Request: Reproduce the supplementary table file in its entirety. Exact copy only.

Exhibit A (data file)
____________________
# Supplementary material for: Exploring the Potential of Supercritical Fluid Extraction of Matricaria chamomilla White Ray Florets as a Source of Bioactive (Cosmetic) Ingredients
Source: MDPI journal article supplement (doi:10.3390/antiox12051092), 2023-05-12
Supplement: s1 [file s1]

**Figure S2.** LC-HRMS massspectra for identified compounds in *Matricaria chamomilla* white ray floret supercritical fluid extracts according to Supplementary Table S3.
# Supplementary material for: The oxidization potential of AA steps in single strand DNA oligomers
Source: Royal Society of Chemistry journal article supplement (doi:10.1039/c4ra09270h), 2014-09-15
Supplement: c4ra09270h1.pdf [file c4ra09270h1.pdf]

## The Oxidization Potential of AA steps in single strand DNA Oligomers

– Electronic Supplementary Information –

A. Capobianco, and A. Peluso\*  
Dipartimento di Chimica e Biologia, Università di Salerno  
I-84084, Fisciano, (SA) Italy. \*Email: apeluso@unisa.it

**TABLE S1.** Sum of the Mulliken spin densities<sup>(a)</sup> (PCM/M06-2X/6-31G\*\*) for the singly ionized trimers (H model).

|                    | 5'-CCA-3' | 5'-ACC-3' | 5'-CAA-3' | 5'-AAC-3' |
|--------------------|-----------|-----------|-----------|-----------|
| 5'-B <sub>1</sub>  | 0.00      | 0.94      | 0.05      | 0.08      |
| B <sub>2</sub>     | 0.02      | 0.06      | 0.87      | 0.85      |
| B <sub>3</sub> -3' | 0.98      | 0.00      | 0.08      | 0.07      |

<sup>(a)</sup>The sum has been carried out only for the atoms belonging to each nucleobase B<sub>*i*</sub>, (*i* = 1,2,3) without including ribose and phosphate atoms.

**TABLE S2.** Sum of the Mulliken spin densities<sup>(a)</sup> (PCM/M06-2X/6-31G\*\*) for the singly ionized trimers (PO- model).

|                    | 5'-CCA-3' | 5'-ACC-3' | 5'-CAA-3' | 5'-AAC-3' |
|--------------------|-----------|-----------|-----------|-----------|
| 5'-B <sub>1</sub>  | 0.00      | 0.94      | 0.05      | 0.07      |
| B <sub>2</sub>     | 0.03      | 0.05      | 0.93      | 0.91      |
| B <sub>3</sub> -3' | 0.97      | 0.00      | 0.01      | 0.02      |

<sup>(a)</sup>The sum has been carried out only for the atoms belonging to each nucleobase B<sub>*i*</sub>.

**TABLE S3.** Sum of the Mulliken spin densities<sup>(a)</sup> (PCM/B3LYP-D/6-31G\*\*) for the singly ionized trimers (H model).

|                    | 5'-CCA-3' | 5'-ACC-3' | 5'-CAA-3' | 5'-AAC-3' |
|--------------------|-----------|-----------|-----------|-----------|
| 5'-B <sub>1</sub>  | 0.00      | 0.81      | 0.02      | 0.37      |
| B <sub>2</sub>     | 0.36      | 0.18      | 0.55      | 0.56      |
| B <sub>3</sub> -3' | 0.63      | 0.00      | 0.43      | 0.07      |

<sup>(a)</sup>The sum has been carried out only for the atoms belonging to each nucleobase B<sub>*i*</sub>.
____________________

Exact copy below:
# Supplementary material for: Exploring the Potential of Supercritical Fluid Extraction of Matricaria chamomilla White Ray Florets as a Source of Bioactive (Cosmetic) Ingredients
Source: MDPI journal article supplement (doi:10.3390/antiox12051092), 2023-05-12
Supplement: s1 [file s1]

**Figure S2.** LC-HRMS massspectra for identified compounds in *Matricaria chamomilla* white ray floret supercritical fluid extracts according to Supplementary Table S3.
# Supplementary material for: The oxidization potential of AA steps in single strand DNA oligomers
Source: Royal Society of Chemistry journal article supplement (doi:10.1039/c4ra09270h), 2014-09-15
Supplement: c4ra09270h1.pdf [file c4ra09270h1.pdf]

## The Oxidization Potential of AA steps in single strand DNA Oligomers

– Electronic Supplementary Information –

A. Capobianco, and A. Peluso\*  
Dipartimento di Chimica e Biologia, Università di Salerno  
I-84084, Fisciano, (SA) Italy. \*Email: apeluso@unisa.it

**TABLE S1.** Sum of the Mulliken spin densities<sup>(a)</sup> (PCM/M06-2X/6-31G\*\*) for the singly ionized trimers (H model).

|                    | 5'-CCA-3' | 5'-ACC-3' | 5'-CAA-3' | 5'-AAC-3' |
|--------------------|-----------|-----------|-----------|-----------|
| 5'-B <sub>1</sub>  | 0.00      | 0.94      | 0.05      | 0.08      |
| B <sub>2</sub>     | 0.02      | 0.06      | 0.87      | 0.85      |
| B <sub>3</sub> -3' | 0.98      | 0.00      | 0.08      | 0.07      |

<sup>(a)</sup>The sum has been carried out only for the atoms belonging to each nucleobase B<sub>*i*</sub>, (*i* = 1,2,3) without including ribose and phosphate atoms.

**TABLE S2.** Sum of the Mulliken spin densities<sup>(a)</sup> (PCM/M06-2X/6-31G\*\*) for the singly ionized trimers (PO- model).

|                    | 5'-CCA-3' | 5'-ACC-3' | 5'-CAA-3' | 5'-AAC-3' |
|--------------------|-----------|-----------|-----------|-----------|
| 5'-B <sub>1</sub>  | 0.00      | 0.94      | 0.05      | 0.07      |
| B <sub>2</sub>     | 0.03      | 0.05      | 0.93      | 0.91      |
| B <sub>3</sub> -3' | 0.97      | 0.00      | 0.01      | 0.02      |

<sup>(a)</sup>The sum has been carried out only for the atoms belonging to each nucleobase B<sub>*i*</sub>.

**TABLE S3.** Sum of the Mulliken spin densities<sup>(a)</sup> (PCM/B3LYP-D/6-31G\*\*) for the singly ionized trimers (H model).

|                    | 5'-CCA-3' | 5'-ACC-3' | 5'-CAA-3' | 5'-AAC-3' |
|--------------------|-----------|-----------|-----------|-----------|
| 5'-B <sub>1</sub>  | 0.00      | 0.81      | 0.02      | 0.37      |
| B <sub>2</sub>     | 0.36      | 0.18      | 0.55      | 0.56      |
| B <sub>3</sub> -3' | 0.63      | 0.00      | 0.43      | 0.07      |

<sup>(a)</sup>The sum has been carried out only for the atoms belonging to each nucleobase B<sub>*i*</sub>.